LOS ANGELES — Many Ohio Valley families are familiar with the 4-H program. It teaches children how to care for farm animals, and the process of what happens from farm to table as the animals are auctioned off to provide meat for consumers.
Children often spend months with these animals, not only learning how to care for them, but also bonding with them in the process. In a story brought to light by the Los Angeles Times, California mom Jessica Long’s daughter learned a tough life lesson during her time in 4-H.
According to the story, the 9-year-old just couldn’t go through with the slaughter of her beloved companion, Cedar, a brown and white floppy eared goat.
Cedar was auctioned off to the highest bidder at the Shasta District Fair. Long says that her daughter sat in the pen with the goat and sobbed. A heart-breaking experience for any parent, Long took matters in to her own hands. She went on to explain that the pen Cedar was in was mostly empty and at the last minutes she decided to break the rules and take the goat that night and deal with the consequences later.
According to the letter obtained by the Los Angeles Times, Long wrote to the fair officials asking that they make an exception and allow her to purchase Cedar back, offering the payment price and any additional expenses the new owner may have incurred,
Fair officials did not make an exception for the child’s feelings or the life of Cedar, instead, they reached out the Shasta County Sheriff’s Office.
The story states that the deputies for the sheriff’s office drove 500 miles roundtrip across Northern California in search of Cedar. Deputies first believed that the goat was located at Bleating Hearts Farm and Sanctuary in Napa County, according to the search warrant. The rescue group had posted on Instagram and Facebook in support for Long, urging people to call the Shasta District Fair and ask to spare Cedar.
Cedar had actually been taken to a farm in Sonoma County, California, 250 miles from Shasta County, since she cannot keep farm animals in the residential area that she lives.
The search warrant allowed deputies to use breaching equipment to force open doorways, entry doors, and locked containers to search any where large enough to house a goat.
Law enforcement found Cedar, and he was taken to slaughter.
Long has filed a federal lawsuit against Shasta District Fair Officials and the county. She argues that they wasted police resources and violated her and her daughter’s Fourth Amendment rights that protect them from unreasonable searches and seizures, and due process. Attorneys for Long allege that the dispute is a civil matter she is willing to resolve.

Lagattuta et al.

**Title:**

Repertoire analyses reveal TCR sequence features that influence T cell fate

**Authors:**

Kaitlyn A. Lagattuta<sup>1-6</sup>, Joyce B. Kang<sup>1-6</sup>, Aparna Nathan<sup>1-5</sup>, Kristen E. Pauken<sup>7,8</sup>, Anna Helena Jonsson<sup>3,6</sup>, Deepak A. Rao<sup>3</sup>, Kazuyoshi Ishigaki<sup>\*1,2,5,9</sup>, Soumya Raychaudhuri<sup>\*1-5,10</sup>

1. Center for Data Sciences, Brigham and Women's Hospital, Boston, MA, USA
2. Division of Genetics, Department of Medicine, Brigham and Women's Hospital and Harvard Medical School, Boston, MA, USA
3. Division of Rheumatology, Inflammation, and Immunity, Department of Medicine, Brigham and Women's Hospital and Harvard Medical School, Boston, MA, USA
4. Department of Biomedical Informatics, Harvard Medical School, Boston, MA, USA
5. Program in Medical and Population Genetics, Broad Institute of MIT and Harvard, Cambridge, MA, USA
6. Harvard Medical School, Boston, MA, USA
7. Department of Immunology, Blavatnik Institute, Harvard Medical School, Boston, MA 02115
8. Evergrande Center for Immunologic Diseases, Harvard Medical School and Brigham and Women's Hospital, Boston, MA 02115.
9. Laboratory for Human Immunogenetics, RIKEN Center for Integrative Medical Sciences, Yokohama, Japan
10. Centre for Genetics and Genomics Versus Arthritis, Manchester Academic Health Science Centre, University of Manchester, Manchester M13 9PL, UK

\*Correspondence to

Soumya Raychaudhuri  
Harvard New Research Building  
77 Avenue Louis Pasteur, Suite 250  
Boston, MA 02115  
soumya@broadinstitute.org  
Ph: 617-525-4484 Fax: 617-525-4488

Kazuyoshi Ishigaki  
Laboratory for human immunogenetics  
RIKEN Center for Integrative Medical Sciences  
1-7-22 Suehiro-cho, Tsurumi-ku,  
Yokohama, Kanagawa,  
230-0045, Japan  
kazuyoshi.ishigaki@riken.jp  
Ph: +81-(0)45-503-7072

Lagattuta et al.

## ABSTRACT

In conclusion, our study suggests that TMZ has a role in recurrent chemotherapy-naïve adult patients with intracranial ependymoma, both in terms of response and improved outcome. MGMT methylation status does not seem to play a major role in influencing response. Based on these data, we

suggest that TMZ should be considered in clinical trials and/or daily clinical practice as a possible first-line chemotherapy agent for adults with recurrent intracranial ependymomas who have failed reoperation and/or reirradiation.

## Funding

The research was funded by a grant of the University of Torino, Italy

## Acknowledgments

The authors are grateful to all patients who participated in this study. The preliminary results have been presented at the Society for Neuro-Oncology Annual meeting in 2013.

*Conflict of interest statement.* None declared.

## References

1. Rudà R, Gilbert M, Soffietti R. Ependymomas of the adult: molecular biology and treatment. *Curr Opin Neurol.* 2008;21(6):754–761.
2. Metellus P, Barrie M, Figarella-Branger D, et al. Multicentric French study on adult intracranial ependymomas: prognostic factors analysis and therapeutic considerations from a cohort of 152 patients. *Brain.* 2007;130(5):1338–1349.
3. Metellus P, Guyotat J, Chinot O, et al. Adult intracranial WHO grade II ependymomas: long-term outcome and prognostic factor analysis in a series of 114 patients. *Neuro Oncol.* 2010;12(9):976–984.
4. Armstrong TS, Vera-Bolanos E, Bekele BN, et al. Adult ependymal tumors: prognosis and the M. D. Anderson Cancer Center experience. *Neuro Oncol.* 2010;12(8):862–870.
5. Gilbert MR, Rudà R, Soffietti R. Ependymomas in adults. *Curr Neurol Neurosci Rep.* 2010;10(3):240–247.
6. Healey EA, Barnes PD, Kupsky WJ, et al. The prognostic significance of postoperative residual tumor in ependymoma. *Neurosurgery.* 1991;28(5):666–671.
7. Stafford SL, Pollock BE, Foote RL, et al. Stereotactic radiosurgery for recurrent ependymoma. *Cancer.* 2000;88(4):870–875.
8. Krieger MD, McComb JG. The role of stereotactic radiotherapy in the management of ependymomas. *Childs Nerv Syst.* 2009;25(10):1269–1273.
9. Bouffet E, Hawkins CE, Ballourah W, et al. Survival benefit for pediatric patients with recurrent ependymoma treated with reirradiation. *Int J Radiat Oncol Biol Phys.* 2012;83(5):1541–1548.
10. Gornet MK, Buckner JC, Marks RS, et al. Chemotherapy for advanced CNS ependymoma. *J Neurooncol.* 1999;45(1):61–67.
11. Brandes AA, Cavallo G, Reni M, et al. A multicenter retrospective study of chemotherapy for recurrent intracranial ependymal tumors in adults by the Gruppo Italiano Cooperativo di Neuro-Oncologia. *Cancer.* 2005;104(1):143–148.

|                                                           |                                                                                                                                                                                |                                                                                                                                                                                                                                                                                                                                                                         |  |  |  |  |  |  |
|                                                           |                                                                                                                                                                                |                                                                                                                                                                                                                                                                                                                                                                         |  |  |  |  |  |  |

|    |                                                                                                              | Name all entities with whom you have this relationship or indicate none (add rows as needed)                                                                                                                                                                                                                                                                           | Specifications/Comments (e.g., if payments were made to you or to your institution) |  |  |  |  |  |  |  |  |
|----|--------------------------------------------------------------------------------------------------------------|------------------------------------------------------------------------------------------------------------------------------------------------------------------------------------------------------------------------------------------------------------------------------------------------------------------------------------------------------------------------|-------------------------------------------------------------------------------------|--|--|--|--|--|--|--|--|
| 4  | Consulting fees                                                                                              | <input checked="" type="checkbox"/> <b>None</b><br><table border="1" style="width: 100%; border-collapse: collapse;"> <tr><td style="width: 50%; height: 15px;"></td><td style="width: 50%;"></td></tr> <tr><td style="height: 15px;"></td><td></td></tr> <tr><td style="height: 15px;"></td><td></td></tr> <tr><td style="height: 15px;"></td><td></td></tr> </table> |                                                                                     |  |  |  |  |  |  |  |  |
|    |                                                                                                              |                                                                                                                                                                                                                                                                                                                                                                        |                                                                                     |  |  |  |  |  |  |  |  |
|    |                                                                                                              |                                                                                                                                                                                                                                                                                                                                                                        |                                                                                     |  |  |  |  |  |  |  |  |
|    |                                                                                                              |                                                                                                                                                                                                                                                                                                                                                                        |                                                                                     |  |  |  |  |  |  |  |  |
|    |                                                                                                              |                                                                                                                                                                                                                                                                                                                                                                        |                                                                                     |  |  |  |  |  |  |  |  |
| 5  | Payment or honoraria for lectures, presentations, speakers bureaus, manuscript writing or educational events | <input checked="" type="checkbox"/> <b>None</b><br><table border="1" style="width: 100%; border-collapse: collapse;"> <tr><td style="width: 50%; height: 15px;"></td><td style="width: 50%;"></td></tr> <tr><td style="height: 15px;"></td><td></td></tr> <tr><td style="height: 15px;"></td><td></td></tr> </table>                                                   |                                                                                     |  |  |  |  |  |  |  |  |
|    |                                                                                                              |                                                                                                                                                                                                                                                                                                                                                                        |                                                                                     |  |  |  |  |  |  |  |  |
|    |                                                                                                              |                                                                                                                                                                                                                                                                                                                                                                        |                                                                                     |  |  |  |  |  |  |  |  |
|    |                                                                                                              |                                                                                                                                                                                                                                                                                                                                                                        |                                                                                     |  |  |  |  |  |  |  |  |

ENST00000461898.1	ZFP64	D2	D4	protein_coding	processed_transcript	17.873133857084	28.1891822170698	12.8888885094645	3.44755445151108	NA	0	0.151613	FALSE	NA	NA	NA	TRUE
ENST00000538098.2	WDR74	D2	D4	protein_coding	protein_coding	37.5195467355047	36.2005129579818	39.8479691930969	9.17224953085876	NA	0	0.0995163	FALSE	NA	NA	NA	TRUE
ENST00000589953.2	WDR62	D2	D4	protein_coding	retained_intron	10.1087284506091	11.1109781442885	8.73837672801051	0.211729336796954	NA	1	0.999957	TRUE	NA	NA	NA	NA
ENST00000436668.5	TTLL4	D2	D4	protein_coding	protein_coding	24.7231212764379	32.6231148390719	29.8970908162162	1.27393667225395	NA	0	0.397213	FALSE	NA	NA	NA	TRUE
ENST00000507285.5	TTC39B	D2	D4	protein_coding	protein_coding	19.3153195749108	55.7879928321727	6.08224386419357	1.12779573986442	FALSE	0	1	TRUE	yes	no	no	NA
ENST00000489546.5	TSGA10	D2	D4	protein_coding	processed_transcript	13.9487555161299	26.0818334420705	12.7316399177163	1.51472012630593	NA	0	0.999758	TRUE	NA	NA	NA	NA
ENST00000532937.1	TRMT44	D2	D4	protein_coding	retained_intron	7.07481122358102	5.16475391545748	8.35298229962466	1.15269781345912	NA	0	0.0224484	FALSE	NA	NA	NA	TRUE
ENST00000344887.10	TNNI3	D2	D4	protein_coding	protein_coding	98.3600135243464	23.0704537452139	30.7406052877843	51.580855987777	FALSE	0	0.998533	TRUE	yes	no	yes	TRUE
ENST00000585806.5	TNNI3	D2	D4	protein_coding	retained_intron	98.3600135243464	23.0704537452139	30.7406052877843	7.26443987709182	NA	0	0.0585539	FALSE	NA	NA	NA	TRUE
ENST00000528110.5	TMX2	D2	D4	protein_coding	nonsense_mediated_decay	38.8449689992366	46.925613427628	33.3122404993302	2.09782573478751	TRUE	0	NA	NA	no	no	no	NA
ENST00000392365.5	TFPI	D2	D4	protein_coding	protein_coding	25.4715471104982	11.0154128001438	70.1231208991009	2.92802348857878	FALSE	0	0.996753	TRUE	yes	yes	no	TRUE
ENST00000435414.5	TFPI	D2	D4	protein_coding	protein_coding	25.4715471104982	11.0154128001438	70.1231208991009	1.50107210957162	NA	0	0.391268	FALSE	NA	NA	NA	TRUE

The Los Angeles Times reviewed letters, text messages, the search warrant and other court documents to see how a dispute over a goat could escalate so quickly. Shasta District Fair officials noted that their handling of the dispute had become a negative experience for the fairgrounds, Long’s story has been shared all over Facebook and Instagram.
Attorneys for Advancing Law for Animals, who also represent Long, say that the reaction by county officials was never about money, it was about wanting to teach a little girl a lesson.
Long says that she tried to explain to fair officials in an email that she was not looking to simply break the rules to break them. That she was trying to prevent her daughter from experiencing more heartbreak after losing three grandparents in the last year.
The Los Angeles Times reviewed the response to that email from the Shasta District Fair Chief Executive, that said by making an exception for Long they would only teach youth that they do not have to abide by the rules.
The paper also reviewed a text that Long received from the livestock manager for the Shasta Fair Association that stated they needed to make arrangements to get the goat back before law enforcement was brought into the situation.
Long explained that she reached out to the winning bidder of Cedar, made by California State Sen. Brian Dahle. She spoke to a representative at Dahle’s office and was told that the lawmaker agreed to an alternative solution of the goat getting donated to a farm that does weed abatement.
Long’s lawyers argue that although officials were trying to hold Long’s daughter to her agreement that the goat would be slaughtered, California Law allows a minor to withdraw from a contract “within a reasonable amount of time.” They said that a child cannot be held to the same standard as an adult, and when she wanted out, she had an absolute right.
The attorneys say that the county used the warrant to circumvent the civil process, and killed the goat as a way to end Long’s fight for Cedar. They say the county was legally required to keep and care for Cedar since there was a dispute over ownership.
Long’s attorneys say that their lawsuit seeks to hold public officials accountable for violating the law and enacting a personal vendetta against a little girl for loving her goat.